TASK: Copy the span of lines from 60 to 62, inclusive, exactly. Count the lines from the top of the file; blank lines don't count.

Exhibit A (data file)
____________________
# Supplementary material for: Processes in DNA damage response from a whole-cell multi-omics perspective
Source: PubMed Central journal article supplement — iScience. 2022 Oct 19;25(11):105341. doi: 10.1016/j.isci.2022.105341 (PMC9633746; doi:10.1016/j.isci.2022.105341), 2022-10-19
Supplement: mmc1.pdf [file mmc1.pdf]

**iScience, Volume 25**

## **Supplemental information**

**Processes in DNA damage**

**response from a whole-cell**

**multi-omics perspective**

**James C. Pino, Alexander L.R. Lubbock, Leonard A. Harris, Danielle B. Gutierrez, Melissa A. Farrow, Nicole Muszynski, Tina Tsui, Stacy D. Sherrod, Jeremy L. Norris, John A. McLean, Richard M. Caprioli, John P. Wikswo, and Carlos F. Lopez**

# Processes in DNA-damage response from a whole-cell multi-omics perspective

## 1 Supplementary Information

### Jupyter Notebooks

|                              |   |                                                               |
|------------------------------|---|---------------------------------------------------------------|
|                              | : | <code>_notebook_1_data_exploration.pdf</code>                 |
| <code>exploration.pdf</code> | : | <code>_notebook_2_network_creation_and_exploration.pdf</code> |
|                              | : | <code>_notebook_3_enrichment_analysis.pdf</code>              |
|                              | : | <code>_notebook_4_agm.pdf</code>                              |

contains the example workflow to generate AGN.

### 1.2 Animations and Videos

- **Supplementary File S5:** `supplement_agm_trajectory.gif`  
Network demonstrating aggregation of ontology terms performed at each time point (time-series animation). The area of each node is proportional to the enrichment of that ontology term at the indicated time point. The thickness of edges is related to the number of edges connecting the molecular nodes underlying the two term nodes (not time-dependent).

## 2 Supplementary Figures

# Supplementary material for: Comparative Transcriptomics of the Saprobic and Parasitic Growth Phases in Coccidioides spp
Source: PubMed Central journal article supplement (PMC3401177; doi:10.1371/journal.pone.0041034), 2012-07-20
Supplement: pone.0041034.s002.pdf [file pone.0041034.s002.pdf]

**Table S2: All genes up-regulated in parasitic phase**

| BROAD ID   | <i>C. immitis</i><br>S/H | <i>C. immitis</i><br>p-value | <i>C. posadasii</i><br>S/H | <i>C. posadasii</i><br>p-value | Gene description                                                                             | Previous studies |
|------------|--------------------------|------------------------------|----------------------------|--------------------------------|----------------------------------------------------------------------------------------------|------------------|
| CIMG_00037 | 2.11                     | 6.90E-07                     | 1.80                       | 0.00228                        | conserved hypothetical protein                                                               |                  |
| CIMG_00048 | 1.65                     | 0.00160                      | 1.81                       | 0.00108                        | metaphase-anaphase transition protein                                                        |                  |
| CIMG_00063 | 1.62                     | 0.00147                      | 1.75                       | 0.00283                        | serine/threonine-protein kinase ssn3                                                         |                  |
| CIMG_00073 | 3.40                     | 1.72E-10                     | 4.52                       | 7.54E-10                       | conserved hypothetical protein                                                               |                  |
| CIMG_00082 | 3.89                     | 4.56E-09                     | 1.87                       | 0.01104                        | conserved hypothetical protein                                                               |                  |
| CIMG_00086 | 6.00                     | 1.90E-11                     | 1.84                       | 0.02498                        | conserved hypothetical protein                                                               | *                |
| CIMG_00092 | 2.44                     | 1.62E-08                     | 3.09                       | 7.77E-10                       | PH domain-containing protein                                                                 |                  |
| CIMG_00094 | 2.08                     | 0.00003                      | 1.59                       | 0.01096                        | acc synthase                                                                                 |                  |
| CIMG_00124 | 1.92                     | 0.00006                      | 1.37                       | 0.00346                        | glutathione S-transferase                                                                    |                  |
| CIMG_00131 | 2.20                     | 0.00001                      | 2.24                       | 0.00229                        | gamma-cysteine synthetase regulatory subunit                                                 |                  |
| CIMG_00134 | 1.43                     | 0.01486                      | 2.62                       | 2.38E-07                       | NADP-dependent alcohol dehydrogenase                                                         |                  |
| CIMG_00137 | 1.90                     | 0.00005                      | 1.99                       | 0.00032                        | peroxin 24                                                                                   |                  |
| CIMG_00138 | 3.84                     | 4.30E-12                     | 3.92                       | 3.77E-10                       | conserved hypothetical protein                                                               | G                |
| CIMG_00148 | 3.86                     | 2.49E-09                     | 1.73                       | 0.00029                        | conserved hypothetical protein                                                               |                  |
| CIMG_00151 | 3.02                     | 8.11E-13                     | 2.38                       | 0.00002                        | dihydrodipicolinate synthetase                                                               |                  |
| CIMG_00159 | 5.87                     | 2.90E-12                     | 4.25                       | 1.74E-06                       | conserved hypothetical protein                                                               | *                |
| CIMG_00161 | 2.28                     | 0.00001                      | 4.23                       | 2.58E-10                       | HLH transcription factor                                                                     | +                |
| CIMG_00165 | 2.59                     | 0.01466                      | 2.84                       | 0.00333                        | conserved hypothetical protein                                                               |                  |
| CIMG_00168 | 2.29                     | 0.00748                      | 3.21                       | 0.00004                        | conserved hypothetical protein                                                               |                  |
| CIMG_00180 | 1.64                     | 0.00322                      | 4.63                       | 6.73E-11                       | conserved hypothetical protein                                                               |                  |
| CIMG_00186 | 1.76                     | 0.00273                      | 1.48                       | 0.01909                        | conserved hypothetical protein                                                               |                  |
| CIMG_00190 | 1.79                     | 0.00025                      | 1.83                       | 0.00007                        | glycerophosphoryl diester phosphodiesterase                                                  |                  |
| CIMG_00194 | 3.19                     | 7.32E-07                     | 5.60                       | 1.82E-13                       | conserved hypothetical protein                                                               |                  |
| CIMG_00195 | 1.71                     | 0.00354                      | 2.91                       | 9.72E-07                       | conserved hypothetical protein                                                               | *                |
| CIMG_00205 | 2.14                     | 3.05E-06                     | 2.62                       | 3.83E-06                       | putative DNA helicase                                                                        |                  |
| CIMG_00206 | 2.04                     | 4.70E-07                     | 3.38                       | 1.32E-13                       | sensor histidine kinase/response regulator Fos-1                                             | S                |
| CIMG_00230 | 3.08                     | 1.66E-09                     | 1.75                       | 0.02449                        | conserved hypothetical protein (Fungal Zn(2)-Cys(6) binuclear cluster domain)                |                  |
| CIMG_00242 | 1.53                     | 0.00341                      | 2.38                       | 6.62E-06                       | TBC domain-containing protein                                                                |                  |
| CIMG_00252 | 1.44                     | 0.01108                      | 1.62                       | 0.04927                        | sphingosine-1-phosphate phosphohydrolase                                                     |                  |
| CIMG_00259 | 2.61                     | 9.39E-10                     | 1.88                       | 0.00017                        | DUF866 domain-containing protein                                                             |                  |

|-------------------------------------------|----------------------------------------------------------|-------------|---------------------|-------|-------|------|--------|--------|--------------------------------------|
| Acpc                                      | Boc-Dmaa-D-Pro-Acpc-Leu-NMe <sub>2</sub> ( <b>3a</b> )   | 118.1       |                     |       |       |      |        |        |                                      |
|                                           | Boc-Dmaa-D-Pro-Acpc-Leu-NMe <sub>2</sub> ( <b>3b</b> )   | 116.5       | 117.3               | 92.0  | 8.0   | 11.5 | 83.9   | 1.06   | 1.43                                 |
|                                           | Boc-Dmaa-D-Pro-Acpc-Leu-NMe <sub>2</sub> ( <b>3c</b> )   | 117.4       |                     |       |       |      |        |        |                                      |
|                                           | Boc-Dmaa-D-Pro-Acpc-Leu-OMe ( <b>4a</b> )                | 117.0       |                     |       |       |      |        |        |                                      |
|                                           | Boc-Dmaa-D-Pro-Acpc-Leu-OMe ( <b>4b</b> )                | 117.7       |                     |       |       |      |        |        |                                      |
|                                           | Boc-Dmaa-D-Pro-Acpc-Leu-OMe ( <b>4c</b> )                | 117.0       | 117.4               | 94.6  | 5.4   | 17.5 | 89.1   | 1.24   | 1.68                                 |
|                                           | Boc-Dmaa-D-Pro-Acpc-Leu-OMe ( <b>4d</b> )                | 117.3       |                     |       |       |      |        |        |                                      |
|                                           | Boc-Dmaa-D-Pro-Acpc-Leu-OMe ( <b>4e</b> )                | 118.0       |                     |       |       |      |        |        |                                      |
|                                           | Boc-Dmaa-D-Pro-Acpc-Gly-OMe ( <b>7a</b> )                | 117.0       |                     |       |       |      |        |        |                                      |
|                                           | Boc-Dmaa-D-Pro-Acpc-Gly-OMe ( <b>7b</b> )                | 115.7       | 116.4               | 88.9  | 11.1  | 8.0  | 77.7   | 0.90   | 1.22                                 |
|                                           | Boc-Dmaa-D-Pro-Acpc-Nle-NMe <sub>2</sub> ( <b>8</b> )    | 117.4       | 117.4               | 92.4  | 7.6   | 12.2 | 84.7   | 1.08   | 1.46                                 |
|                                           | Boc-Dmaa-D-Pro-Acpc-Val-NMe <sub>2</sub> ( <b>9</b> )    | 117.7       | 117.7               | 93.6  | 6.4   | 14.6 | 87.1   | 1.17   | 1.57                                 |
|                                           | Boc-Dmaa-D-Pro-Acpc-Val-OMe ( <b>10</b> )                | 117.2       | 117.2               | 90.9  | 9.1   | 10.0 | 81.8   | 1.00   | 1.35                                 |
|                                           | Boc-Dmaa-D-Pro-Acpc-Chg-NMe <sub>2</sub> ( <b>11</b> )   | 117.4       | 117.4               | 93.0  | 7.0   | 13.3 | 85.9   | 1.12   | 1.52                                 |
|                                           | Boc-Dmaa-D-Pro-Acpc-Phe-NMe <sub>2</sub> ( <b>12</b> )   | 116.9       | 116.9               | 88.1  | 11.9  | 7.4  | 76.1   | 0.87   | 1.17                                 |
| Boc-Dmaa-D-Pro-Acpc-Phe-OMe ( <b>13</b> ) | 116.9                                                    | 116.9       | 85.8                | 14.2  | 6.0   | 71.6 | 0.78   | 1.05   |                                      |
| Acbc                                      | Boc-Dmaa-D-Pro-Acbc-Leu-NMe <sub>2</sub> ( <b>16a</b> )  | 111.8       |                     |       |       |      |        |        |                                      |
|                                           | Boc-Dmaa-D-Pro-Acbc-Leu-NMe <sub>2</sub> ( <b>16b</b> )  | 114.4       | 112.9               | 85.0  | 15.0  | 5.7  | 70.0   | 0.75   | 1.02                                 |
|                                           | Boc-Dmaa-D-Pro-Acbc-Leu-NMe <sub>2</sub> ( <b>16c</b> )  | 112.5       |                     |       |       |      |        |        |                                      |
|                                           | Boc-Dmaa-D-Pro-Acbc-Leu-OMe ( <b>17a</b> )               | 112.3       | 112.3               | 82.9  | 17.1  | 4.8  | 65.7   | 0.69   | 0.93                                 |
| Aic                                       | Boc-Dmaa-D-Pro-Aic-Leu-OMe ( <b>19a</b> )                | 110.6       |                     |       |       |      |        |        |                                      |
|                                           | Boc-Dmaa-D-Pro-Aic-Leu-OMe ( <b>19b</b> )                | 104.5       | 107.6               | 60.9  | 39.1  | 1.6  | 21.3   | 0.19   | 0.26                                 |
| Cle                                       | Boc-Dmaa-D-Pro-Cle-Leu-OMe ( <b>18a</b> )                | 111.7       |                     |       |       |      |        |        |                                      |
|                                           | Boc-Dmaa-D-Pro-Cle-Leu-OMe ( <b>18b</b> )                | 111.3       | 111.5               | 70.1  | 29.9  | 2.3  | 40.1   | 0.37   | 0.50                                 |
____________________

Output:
|-------------------------------------------|----------------------------------------------------------|-------------|---------------------|-------|-------|------|--------|--------|--------------------------------------|
| Acpc                                      | Boc-Dmaa-D-Pro-Acpc-Leu-NMe <sub>2</sub> ( <b>3a</b> )   | 118.1       |                     |       |       |      |        |        |                                      |
|                                           | Boc-Dmaa-D-Pro-Acpc-Leu-NMe <sub>2</sub> ( <b>3b</b> )   | 116.5       | 117.3               | 92.0  | 8.0   | 11.5 | 83.9   | 1.06   | 1.43                                 |